Yes, she has given valid reasons for all of her post-Paris losses. Yes, she has stated on occasion that she has low expectations for herself. Yes, she was well aware that the public pressure and expectancy would be thick and heavy after her victorious lob on Court Philippe Chatrier. But when you are faced with the enormity of a watching world, and the enormity of the desires you have for yourself, sometimes all the positive words in the world cannot maintain your mentality for an entire match.

Seven of her defeats since June have come in straight sets for Garbine Muguruza. When she is winning, she’s usually dominating. But when she is losing, she’s often the woman getting dominated. Whether this is because her own shots are spraying wide of the court, or because her opponent is playing lights-out tennis, it follows a specific theme: The more you flounder, the quicker you lose control. And it only takes one shot to flick that switch – as proved on Monday night in Singapore.

Honestly, Muguruza will likely be back in tennis’ top three pretty soon. Throughout her struggles, the 23-year-old – still solidly in the top ten – has never dropped her game face. The defending French Open champion is simply too ambitious, too lethal and too goof=d on her day to stay adrift for long.

Nevertheless, her lengthy wobble raises many questions. Eugenie Bouchard, a big-stage queen in 2014, continues to endure a rankings free-fall. Sloane Stephens was much the same after her 2012 heroics. Belinda Bencic, who made a seamless transition from juniors to seniors, and cannoned into the top ten at the tender age of 18, is currently nowhere after injury sunk her ranking. And even 21-year-old Madison Keys – present at the WTA Finals for the first time – has the raw power to have been a WTA dictator for some time now. Instead, the woman who first garnered worldwide attention at age 14 has been bobbing back and forth, her precision ebbing and flowing.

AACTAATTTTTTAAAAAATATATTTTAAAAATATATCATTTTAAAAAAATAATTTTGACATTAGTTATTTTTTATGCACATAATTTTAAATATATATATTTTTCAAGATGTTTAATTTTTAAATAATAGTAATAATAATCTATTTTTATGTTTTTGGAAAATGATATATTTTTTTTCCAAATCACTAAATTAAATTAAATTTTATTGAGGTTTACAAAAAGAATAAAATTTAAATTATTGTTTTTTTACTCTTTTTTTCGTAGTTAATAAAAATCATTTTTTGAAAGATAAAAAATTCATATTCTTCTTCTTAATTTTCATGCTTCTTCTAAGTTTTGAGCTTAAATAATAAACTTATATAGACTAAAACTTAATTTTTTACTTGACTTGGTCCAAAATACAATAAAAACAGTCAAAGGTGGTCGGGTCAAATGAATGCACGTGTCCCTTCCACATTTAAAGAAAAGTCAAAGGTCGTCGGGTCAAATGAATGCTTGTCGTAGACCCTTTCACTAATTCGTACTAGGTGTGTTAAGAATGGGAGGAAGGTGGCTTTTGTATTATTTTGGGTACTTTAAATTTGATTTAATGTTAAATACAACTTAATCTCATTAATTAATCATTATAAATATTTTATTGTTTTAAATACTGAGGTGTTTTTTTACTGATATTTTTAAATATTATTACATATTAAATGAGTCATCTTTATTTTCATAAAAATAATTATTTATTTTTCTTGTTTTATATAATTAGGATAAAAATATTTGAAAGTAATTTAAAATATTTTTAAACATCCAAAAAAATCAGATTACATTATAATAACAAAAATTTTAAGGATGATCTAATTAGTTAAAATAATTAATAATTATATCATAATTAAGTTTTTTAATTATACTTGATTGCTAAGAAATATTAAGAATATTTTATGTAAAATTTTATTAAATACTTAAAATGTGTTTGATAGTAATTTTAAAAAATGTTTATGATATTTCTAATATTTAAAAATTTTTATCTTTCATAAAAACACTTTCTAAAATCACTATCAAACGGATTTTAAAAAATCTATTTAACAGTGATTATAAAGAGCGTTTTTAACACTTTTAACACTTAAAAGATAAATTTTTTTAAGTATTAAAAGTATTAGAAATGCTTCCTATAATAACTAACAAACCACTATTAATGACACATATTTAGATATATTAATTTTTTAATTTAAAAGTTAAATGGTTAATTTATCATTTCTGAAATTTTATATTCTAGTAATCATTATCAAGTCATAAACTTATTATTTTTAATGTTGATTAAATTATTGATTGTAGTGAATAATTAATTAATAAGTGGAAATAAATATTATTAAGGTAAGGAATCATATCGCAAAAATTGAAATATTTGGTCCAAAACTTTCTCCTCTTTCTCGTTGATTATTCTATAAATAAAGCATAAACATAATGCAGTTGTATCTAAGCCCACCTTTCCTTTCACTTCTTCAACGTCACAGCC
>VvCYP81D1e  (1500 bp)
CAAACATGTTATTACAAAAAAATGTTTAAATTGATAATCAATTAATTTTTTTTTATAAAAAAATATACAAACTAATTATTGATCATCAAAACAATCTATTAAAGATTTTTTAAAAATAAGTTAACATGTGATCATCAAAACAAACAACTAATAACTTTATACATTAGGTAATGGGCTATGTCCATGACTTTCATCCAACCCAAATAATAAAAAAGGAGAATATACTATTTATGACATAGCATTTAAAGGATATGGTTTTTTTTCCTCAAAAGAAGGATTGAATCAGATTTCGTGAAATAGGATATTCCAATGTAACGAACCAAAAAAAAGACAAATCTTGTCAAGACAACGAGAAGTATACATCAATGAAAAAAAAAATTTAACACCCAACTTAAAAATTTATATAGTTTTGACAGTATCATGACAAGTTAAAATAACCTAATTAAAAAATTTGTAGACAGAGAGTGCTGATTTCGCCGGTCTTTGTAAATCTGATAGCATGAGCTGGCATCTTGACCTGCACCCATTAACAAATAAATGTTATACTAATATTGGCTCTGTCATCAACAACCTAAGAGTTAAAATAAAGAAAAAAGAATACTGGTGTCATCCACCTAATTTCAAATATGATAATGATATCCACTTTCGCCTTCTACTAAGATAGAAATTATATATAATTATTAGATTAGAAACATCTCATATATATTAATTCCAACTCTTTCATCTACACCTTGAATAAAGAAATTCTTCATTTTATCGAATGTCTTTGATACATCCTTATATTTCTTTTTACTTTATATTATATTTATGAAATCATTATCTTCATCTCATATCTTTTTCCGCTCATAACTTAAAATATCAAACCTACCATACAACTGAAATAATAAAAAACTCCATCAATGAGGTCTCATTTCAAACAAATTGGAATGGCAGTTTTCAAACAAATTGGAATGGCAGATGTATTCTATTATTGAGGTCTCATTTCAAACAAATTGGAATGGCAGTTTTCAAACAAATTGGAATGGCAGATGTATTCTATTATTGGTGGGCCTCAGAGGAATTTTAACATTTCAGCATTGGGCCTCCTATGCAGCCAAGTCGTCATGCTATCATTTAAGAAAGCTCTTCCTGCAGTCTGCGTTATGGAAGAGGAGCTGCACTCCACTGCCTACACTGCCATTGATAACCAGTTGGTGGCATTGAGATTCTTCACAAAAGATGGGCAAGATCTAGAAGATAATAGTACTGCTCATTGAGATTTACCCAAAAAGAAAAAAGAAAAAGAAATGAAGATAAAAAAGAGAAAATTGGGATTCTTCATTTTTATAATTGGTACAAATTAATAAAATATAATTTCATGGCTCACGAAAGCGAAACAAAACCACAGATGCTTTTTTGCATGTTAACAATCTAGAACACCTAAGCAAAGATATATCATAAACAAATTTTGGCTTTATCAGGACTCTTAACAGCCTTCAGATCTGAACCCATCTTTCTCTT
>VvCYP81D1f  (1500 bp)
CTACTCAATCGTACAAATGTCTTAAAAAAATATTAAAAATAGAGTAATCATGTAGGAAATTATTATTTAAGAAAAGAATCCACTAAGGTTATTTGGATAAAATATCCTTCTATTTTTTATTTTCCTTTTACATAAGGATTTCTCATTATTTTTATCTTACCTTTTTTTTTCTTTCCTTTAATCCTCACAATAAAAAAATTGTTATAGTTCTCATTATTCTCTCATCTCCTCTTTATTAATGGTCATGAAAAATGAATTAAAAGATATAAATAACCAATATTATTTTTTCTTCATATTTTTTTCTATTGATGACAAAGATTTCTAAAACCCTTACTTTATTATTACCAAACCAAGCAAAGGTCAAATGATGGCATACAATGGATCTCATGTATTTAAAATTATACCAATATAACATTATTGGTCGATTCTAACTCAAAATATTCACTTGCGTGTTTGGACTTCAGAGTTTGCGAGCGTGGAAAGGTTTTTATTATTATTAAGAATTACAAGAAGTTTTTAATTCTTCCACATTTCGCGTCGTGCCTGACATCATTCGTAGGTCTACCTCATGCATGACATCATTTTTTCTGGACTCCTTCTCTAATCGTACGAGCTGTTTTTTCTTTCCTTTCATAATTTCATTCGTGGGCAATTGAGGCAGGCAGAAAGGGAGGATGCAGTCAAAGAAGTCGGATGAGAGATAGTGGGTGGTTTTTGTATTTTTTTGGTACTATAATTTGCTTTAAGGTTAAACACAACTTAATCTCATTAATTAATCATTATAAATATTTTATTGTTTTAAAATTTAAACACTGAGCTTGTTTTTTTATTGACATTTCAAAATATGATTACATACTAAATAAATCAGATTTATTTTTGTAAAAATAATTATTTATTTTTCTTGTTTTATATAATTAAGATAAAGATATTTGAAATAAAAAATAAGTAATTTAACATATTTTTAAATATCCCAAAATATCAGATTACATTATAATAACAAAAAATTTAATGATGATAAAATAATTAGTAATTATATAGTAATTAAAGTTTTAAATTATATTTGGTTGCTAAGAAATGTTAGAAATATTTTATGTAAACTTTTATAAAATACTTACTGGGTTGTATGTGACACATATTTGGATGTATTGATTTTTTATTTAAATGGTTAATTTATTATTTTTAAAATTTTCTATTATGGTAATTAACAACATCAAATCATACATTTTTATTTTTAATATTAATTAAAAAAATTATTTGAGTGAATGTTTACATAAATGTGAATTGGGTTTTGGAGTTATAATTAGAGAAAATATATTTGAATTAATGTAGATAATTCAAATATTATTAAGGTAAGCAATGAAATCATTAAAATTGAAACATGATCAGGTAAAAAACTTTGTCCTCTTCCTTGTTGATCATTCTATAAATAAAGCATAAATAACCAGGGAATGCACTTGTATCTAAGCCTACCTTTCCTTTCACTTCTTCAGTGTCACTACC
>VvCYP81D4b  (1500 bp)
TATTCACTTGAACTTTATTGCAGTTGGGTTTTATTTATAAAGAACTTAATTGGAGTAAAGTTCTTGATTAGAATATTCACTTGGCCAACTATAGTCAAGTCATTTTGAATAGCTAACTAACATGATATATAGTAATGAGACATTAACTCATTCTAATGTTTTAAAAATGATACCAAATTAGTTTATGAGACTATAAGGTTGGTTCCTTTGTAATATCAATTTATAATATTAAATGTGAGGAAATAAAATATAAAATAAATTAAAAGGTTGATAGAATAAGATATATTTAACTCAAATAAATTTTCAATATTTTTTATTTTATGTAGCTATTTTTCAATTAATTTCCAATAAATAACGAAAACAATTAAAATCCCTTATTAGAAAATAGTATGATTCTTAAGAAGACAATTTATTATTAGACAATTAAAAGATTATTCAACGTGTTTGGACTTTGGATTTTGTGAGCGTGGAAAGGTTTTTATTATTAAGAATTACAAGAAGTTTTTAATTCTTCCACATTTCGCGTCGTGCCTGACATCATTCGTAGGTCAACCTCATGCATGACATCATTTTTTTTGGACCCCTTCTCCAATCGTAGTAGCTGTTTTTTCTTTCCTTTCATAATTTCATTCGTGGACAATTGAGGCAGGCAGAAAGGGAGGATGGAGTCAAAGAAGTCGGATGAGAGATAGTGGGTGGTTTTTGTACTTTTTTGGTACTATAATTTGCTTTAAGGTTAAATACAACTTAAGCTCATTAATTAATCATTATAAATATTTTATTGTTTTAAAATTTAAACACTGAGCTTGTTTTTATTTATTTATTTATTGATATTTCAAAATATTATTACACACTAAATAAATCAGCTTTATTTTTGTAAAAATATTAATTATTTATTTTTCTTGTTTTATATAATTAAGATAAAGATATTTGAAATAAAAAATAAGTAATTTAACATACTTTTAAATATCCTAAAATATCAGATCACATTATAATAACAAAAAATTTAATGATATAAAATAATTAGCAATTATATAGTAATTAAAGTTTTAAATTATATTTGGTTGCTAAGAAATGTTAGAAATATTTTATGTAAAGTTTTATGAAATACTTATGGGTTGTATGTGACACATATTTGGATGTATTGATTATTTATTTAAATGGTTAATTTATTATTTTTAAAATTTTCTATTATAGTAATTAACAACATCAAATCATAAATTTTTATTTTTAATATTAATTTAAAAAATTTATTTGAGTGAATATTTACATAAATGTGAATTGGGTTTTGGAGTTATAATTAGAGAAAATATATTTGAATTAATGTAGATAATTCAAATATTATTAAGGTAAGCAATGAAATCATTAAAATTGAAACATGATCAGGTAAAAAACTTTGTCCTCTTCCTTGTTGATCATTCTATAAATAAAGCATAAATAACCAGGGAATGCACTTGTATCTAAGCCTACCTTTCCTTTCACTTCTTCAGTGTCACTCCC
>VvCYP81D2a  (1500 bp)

Angelique Kerber – like Li Na, and Marion Bartoli, and Flavia Pennetta in the years since 2010 – needed many years of competitive experience before she could strike true gold. And it might be worth noticing that each of these aforementioned women, at their moments of ultimate glory, were enjoying their tennis. As the losses pile up, can Muguruza possibly be relishing every first or second round match against an unpredictable opponent? One thing is for sure: With the mentality she’s been displaying of late, picking herself up after this latest disaster is going to be incredibly difficult for Singapore’s no. 5 seed.

Garbine Muguruza’s route to the realms of the elite was once the correct formula. But thanks to internal and external pressure, it is now a blessing in disguise.

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Thanks for reading! Is there a place for young stars amongst the WTA elite? Discuss in the comments section below!

2 thoughts on “WTA Finals: Kerber flies, Muguruza flails, and the future looks rough for tennis teens

  1. Thanks!

    To be honest, I think she will get back up there. She may take a year to find herself again, or she might make a good start to the new season and get her mentality back straight off. In mind of the fact that she’s a fair bit younger than most of the current top 10 (and 20), I’m thinking she should at least rise up once they’re gone. Plus, the WTA still majorly lacks consistency, which will help her cause.

    Like